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Martinez v. Berryhill

United States District Court, D. New Mexico

February 23, 2018

NANCY A. BERRYHILL, [1]Acting Commissioner of Social Security, Defendant.


          KIRTAN KHALSA United States Magistrate Judge.

         THIS MATTER is before the Court on the Social Security Administrative Record (Doc. 13) filed March 15, 2017, in support of Plaintiff Manuel Edward Martinez's (“Plaintiff”) Complaint (Doc. 1) seeking review of the decision of Defendant Nancy A. Berryhill, Acting Commissioner of the Social Security Administration, (“Defendant” or “Commissioner”) denying Plaintiff's claim for Title II disability insurance benefits and Title XVI supplemental security income benefits. On April 28, 2017, Plaintiff filed his Motion to Reverse and Remand Administrative Agency Decision and Memorandum Brief in Support of Motion to Reverse and Remand (“Motion”). (Docs. 16, 17.) The Commissioner filed a Response in opposition on June 29, 2017 (Doc. 25), and Plaintiff filed a Reply on August 2, 2017. (Doc. 26.) The Court has jurisdiction to review the Commissioner's final decision under 42 U.S.C. §§ 405(g) and 1383(c). Having meticulously reviewed the entire record and the applicable law and being fully advised in the premises, the Court finds the Motion is not well taken and is DENIED.

         I. Background and Procedural Record

         Claimant Manuel Edward Martinez (“Mr. Martinez”) alleges that he became disabled on March 1, 2008, at the age of forty-five because of back injury, right knee surgery, shoulder pain, depression, anxiety, post-traumatic stress disorder, and left elbow dislocated. (Tr. 59-60, 247, 250.[3]) Mr. Martinez completed the seventh grade in 1977, and worked for twenty-seven years on oil field derricks. (Tr. 251, 269.) Mr. Martinez reported he stopped working on April 21, 2007, due to his medical conditions. (Tr. 251.)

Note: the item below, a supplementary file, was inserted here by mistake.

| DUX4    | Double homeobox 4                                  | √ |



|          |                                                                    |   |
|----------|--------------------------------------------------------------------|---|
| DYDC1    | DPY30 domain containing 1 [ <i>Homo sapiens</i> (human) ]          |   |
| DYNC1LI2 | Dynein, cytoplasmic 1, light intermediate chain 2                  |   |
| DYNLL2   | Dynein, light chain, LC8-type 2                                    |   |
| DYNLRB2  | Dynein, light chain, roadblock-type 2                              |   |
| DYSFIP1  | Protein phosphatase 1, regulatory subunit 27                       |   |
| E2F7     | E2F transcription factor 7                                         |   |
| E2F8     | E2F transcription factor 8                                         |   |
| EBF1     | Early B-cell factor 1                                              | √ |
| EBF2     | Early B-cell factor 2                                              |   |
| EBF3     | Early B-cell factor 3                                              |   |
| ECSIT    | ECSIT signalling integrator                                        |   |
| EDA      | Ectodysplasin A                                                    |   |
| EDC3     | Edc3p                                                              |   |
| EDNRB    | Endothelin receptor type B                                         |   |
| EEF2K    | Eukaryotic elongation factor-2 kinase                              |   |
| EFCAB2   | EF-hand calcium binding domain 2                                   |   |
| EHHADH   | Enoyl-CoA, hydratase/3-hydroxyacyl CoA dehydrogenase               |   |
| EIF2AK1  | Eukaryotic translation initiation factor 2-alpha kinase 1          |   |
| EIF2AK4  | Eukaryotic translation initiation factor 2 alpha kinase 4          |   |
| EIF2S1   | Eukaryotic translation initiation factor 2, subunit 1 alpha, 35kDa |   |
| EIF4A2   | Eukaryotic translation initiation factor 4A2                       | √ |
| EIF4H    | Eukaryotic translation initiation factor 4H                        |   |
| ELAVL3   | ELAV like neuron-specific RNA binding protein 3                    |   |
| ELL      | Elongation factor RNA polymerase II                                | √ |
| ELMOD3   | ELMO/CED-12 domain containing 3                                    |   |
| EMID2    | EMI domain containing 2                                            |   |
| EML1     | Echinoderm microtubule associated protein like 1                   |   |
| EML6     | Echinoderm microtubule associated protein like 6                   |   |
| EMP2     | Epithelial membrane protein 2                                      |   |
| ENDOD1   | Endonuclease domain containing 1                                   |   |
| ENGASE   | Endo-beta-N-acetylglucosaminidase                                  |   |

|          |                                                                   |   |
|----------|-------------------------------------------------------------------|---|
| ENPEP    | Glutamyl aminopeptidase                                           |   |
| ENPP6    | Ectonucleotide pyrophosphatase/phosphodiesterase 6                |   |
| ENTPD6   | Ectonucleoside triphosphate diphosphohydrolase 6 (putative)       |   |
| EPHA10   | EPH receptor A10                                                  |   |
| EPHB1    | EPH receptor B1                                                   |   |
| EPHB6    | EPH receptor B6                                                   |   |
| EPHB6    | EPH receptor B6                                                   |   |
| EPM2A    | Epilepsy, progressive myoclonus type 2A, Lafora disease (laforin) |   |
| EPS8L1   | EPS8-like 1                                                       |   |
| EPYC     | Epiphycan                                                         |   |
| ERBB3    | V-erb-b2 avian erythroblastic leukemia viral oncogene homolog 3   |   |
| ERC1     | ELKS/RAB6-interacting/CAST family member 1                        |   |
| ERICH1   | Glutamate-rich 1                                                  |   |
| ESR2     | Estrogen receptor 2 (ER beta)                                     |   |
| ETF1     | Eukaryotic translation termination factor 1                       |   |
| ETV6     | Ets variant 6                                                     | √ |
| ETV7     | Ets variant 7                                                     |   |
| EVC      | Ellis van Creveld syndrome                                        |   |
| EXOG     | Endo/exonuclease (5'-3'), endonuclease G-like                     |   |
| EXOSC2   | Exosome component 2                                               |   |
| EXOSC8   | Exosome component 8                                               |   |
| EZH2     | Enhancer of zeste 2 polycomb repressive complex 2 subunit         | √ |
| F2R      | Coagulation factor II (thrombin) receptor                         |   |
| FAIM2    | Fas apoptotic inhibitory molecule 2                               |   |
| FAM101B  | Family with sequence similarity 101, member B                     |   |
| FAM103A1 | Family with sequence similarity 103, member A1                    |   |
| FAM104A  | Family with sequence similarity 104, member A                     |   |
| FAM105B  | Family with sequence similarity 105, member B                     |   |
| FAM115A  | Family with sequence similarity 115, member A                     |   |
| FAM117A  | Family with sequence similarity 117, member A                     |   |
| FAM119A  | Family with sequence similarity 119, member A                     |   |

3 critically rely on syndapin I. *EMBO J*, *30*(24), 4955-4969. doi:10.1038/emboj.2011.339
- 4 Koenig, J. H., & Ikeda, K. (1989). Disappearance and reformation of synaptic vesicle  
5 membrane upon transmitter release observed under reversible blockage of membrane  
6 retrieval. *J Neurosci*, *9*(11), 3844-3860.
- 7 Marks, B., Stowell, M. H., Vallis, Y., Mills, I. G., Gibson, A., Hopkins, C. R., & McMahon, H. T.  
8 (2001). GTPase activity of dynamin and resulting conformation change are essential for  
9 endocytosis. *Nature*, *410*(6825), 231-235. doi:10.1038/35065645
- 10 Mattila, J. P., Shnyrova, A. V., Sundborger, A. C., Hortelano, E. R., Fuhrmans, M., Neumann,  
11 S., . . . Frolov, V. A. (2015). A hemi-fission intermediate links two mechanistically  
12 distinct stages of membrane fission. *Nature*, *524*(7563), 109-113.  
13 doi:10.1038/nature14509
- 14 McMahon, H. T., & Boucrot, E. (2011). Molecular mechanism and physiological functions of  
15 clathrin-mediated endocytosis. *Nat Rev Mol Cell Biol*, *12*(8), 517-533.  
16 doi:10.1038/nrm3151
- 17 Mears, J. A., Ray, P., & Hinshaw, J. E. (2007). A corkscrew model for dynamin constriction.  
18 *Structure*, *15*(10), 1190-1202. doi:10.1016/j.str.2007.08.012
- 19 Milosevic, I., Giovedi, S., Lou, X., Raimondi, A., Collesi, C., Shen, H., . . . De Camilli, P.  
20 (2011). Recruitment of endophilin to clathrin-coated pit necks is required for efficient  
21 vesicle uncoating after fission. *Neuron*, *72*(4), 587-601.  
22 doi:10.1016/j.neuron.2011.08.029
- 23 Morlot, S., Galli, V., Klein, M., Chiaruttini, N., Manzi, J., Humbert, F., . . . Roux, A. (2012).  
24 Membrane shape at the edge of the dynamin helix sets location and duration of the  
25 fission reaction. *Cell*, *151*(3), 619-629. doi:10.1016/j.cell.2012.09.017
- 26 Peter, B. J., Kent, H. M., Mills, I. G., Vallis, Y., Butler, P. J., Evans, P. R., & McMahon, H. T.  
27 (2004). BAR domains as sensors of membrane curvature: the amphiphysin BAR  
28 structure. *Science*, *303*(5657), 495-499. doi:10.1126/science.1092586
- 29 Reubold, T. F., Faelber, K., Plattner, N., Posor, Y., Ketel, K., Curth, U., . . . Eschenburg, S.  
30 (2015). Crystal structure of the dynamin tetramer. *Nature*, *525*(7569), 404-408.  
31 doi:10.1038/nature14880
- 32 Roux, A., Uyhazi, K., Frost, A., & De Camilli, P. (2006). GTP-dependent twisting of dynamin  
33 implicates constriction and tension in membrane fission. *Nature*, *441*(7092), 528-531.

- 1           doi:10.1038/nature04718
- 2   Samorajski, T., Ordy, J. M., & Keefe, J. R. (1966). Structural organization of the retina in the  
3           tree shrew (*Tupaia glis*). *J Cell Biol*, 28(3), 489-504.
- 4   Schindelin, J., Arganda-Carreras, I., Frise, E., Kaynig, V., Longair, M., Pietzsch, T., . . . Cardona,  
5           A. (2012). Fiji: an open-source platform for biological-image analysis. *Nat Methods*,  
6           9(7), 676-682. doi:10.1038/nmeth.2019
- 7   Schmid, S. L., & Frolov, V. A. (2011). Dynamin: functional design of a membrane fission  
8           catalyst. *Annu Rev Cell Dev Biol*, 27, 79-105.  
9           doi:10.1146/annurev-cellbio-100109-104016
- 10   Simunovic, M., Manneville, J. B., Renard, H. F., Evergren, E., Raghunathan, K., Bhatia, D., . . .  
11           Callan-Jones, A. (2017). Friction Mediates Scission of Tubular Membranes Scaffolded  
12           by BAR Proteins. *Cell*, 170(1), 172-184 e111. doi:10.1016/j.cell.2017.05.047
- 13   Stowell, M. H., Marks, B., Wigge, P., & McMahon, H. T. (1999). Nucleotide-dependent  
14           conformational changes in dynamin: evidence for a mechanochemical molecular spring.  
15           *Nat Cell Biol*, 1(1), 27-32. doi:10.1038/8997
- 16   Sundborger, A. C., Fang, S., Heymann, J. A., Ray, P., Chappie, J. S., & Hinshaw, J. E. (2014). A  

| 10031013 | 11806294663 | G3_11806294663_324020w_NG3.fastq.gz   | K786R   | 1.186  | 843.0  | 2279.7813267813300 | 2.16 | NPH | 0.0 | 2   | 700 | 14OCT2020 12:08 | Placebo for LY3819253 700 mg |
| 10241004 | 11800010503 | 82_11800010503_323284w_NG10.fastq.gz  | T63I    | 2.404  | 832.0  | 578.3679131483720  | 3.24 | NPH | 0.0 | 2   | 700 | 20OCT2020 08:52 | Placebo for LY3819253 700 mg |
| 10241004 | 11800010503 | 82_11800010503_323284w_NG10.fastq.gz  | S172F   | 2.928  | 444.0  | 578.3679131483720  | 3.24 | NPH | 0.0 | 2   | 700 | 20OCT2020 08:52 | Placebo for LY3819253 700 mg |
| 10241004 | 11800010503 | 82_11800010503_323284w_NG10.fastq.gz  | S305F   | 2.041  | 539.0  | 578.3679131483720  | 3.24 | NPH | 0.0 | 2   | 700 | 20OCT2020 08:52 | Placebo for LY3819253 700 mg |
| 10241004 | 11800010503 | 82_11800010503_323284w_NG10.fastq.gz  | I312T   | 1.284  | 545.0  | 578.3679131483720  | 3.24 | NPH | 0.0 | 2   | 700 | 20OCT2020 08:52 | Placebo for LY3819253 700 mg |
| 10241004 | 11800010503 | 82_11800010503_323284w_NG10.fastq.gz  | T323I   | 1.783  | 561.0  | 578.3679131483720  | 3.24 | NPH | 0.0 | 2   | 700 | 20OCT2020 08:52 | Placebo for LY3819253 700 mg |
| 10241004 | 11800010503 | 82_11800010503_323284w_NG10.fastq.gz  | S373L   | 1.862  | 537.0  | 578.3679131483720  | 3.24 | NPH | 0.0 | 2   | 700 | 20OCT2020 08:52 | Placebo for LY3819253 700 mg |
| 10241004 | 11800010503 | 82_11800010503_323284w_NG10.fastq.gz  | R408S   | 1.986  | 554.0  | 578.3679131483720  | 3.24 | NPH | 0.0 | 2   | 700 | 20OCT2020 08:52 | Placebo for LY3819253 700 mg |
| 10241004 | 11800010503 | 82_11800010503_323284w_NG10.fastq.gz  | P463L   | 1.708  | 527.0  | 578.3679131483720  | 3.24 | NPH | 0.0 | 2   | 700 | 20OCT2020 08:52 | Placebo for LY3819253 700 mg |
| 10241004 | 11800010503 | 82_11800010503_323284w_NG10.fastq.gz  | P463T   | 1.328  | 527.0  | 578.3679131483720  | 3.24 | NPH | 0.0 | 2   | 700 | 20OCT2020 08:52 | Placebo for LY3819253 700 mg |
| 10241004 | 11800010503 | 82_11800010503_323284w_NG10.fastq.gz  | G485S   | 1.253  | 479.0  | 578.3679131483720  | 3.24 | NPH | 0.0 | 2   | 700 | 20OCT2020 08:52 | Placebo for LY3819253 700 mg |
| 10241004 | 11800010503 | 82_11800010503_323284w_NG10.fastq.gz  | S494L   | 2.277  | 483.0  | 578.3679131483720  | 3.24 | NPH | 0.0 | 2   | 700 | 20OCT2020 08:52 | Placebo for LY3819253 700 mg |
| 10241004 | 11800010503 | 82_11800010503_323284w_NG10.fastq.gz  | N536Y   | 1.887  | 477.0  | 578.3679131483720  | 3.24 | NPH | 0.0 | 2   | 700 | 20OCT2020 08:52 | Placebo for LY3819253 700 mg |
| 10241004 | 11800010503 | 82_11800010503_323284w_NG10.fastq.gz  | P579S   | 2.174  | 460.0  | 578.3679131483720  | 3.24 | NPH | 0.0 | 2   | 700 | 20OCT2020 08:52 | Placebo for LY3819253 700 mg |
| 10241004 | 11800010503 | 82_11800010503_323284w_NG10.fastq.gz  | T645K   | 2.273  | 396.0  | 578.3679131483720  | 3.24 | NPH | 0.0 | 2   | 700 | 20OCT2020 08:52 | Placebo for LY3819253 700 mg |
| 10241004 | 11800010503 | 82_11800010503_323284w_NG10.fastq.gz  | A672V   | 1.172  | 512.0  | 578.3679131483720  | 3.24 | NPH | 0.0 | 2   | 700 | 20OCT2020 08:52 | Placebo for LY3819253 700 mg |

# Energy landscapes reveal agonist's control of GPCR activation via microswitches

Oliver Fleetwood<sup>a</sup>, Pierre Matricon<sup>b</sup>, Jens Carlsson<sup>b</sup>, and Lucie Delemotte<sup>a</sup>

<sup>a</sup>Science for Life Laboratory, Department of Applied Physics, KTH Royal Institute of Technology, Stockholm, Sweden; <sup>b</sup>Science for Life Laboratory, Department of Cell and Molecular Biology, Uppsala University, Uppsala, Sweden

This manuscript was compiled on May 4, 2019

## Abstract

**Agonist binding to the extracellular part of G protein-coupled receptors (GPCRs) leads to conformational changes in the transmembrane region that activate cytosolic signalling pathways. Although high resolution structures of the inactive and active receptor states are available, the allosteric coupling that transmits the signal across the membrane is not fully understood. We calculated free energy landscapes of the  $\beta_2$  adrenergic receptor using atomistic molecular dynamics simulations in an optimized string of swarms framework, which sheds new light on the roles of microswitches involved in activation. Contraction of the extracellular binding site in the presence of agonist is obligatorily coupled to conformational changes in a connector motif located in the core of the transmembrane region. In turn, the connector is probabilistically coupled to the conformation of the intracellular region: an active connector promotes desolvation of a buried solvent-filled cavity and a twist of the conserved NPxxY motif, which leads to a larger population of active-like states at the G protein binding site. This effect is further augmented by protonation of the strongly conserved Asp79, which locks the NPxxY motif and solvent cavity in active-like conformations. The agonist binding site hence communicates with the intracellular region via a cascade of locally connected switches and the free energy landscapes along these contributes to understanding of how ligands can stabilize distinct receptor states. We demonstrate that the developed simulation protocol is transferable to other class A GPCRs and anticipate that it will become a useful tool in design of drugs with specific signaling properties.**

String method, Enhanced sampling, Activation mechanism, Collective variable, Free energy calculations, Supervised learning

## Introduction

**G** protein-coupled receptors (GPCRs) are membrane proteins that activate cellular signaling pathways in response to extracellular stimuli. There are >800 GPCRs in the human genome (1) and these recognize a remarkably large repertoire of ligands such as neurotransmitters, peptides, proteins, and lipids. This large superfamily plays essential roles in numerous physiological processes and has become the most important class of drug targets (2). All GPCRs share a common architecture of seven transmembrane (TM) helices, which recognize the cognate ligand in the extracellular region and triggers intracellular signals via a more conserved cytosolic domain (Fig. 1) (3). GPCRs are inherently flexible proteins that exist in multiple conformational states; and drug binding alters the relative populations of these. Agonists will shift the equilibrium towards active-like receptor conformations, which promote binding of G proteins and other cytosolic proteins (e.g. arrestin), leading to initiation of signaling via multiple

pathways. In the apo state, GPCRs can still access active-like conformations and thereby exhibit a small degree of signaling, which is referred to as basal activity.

On September 12, 2012, Mr. Martinez filed an application for Social Security Disability Insurance Benefits (“DIB”) under Title II of the Social Security Act (the “Act”), 42 U.S.C. § 401 et seq. (Tr. 224-27.) He also filed an application for Supplemental Security Income (“SSI”) under Title XVI of the Act, 42 U.S.C. § 1381 et seq. (Tr. 210-19, 228-32.) Mr. Martinez's applications were initially denied on December 13, 2012. (Tr. 57, 58, 128-32.) They were denied again at reconsideration on July 25, 2013. (Tr. 123, 124.) On September 3, 2013, Mr. Martinez requested a hearing before an Administrative Law Judge (“ALJ”). (Tr. 144-45.) The ALJ conducted a hearing on July 17, 2014. (Tr. 33-56.) Mr. Martinez appeared in person at the hearing with attorney representative Wayne Walterscheid of The Jeff Diamond Law Firm. (Id., 208.) The ALJ took testimony from Mr. Martinez (Tr. 36-47), and an impartial vocational expert (“VE”), Casey Suggs (Tr. 47-52). On October 27, 2014, ALJ Benita A. Lobo issued an unfavorable decision. (Tr. 9-27.) On August 16, 2016, the Appeals Council issued its decision denying Mr. Martinez's request for review and upholding the ALJ's final decision. (Tr. 1-5.) On October 13, 2016, Mr. Martinez timely filed a Complaint seeking judicial review of the Commissioner's final decision. (Doc. 1.)